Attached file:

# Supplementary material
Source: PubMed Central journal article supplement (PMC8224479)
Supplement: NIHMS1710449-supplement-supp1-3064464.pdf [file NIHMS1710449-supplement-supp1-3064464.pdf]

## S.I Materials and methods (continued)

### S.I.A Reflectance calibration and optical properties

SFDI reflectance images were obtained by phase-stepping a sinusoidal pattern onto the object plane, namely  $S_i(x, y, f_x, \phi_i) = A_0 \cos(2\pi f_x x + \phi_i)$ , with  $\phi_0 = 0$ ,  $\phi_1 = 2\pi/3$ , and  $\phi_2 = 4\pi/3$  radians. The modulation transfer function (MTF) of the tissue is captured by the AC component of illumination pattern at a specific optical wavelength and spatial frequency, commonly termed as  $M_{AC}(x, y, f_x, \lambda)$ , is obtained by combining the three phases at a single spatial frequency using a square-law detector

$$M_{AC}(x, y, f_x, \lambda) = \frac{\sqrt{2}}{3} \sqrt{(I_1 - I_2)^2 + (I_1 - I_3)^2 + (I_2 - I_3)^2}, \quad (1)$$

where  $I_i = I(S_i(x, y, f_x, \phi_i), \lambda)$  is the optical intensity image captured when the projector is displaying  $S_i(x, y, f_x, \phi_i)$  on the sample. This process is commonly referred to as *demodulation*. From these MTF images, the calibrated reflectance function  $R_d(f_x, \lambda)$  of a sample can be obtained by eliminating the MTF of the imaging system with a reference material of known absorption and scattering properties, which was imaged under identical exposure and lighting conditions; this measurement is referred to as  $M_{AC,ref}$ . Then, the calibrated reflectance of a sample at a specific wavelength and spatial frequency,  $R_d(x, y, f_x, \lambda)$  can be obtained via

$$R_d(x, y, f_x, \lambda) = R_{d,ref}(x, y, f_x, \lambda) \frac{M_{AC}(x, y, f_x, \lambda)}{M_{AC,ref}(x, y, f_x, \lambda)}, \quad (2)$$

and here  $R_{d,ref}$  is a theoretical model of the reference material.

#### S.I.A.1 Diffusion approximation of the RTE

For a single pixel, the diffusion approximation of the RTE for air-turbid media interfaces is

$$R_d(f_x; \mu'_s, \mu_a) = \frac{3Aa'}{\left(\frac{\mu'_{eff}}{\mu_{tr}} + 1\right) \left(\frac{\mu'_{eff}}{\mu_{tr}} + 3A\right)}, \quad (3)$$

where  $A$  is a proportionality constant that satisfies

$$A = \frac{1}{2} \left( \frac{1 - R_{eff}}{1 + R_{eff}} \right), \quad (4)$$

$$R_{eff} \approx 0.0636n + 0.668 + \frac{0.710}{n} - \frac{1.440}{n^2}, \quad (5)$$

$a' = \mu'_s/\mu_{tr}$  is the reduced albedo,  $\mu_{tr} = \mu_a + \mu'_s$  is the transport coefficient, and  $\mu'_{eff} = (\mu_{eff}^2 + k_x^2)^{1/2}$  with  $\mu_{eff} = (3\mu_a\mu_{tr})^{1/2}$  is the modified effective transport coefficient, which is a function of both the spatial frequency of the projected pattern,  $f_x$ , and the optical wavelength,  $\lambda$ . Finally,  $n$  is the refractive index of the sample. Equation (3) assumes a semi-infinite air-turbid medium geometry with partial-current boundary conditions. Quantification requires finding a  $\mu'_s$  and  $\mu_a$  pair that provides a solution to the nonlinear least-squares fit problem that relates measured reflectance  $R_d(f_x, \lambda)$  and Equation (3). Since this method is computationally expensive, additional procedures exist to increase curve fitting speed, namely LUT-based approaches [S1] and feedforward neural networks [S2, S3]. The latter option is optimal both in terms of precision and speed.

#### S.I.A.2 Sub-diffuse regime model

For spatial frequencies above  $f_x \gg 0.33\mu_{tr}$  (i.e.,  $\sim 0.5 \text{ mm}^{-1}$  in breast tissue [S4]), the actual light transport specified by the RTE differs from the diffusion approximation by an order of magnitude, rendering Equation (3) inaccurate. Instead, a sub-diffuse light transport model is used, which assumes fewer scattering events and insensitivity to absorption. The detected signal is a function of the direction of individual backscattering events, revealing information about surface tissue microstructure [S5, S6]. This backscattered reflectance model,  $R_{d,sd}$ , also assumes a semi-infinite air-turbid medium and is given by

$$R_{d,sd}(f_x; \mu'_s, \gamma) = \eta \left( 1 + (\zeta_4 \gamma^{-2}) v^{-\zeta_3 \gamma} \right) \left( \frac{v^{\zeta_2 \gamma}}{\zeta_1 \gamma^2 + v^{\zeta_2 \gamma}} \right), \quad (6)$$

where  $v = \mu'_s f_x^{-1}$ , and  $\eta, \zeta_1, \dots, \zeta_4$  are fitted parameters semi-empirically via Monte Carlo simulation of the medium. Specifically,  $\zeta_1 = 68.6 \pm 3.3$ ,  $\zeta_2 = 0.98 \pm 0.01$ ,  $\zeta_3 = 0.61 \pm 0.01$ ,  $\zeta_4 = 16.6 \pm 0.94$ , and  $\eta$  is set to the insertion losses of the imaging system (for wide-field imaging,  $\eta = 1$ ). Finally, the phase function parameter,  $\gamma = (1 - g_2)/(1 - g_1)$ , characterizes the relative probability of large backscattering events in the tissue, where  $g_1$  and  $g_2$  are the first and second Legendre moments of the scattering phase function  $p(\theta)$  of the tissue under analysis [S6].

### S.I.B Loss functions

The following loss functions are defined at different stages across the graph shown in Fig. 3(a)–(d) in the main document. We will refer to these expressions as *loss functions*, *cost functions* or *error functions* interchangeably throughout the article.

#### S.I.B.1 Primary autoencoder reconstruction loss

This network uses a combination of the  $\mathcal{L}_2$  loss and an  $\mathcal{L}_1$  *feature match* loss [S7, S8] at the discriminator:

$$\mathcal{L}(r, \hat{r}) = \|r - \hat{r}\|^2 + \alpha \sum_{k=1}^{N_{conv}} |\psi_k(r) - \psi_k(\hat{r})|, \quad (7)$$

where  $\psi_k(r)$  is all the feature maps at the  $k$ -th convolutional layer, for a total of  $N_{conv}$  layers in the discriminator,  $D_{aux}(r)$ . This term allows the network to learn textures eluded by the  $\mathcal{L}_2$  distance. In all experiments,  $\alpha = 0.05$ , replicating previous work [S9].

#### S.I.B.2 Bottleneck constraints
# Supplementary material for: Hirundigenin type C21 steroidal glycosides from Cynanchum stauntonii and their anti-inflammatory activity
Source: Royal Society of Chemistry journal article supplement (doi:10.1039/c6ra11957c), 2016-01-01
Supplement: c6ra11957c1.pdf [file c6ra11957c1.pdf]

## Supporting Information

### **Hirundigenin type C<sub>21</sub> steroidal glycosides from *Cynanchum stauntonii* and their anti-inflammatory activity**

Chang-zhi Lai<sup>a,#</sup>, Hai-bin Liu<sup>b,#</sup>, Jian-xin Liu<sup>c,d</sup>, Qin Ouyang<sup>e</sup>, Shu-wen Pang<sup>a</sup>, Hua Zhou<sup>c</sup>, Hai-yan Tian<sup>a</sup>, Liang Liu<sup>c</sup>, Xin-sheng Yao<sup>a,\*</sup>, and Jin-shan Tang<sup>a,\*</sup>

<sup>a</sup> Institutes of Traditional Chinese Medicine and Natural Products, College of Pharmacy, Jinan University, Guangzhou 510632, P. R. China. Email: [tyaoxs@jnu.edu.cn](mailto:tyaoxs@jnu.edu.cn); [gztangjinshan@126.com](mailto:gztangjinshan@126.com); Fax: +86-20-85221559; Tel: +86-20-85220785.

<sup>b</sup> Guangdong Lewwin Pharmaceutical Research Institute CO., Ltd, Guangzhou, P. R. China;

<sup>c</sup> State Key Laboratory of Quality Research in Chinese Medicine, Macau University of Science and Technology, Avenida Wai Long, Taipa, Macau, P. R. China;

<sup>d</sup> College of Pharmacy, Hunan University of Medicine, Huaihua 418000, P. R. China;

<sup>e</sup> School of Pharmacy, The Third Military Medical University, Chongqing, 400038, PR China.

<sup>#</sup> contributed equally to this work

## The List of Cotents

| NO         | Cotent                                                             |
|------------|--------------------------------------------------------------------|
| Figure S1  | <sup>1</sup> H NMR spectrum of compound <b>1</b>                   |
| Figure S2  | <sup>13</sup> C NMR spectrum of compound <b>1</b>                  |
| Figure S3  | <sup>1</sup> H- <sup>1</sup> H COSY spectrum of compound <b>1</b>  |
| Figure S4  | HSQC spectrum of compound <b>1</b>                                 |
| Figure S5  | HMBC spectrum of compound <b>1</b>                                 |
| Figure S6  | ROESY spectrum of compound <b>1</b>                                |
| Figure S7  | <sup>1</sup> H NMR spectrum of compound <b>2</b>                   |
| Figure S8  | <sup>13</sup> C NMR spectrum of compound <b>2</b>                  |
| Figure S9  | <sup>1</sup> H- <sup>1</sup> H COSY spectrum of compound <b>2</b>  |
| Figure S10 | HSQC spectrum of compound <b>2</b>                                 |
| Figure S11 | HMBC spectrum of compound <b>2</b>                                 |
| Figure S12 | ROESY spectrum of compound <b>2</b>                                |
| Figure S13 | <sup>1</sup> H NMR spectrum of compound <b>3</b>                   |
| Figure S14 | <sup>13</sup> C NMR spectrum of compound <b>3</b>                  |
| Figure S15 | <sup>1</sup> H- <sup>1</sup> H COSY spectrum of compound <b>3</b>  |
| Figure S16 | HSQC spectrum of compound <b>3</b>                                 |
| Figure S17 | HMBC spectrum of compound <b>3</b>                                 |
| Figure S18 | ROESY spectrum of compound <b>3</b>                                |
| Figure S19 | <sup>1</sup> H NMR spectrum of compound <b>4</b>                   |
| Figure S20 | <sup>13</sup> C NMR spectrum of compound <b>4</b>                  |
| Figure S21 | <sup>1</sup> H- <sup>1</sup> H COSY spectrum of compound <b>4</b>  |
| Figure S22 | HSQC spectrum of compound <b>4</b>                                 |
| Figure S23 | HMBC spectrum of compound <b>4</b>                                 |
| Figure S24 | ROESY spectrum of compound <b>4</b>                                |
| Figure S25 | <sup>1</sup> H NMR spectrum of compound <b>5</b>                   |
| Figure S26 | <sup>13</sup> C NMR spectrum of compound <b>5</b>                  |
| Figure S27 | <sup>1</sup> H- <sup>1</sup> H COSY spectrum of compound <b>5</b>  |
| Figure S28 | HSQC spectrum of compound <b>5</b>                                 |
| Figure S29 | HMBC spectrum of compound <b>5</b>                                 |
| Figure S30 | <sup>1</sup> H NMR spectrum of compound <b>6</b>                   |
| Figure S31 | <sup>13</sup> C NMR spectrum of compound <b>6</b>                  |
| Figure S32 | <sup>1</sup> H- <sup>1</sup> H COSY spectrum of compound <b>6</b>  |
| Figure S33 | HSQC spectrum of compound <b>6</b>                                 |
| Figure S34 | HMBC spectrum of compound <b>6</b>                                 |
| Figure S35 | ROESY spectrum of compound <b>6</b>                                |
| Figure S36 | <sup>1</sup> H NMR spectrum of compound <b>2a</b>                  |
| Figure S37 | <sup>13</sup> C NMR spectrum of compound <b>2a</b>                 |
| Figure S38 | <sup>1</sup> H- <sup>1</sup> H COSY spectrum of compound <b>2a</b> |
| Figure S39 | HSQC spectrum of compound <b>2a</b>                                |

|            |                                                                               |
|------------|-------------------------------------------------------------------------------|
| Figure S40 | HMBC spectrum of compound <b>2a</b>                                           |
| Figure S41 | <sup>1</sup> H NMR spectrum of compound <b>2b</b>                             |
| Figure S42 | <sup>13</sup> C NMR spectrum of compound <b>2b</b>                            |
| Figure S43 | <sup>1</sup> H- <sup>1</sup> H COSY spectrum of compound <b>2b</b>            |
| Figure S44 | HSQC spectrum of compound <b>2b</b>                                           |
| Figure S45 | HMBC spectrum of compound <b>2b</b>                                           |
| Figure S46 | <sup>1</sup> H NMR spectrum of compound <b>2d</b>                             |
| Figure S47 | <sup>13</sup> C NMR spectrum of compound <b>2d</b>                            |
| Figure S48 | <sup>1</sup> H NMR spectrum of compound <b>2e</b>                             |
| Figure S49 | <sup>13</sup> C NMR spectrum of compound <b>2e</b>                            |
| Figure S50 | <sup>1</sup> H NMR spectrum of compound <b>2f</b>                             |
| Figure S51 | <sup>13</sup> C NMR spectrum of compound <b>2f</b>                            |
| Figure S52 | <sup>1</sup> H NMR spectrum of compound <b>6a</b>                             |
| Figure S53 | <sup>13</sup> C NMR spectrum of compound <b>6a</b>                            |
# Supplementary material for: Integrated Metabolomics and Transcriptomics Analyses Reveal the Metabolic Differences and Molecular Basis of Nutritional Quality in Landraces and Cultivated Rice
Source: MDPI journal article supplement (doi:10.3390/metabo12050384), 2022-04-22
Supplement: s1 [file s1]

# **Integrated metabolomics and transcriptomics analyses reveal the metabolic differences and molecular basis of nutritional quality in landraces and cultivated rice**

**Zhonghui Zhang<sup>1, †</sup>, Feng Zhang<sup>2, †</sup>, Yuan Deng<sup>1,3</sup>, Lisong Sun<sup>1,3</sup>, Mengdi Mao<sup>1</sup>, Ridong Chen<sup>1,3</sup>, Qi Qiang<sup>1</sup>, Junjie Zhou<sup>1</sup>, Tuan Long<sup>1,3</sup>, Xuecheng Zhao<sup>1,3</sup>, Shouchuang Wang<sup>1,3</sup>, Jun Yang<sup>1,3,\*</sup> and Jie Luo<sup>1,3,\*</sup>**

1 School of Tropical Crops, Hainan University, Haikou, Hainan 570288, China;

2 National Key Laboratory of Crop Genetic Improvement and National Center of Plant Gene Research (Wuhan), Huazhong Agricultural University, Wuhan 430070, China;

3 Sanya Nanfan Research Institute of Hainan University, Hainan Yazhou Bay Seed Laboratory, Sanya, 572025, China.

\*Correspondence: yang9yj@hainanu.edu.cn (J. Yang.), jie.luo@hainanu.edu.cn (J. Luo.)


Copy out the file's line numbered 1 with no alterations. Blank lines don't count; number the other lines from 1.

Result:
# Supplementary material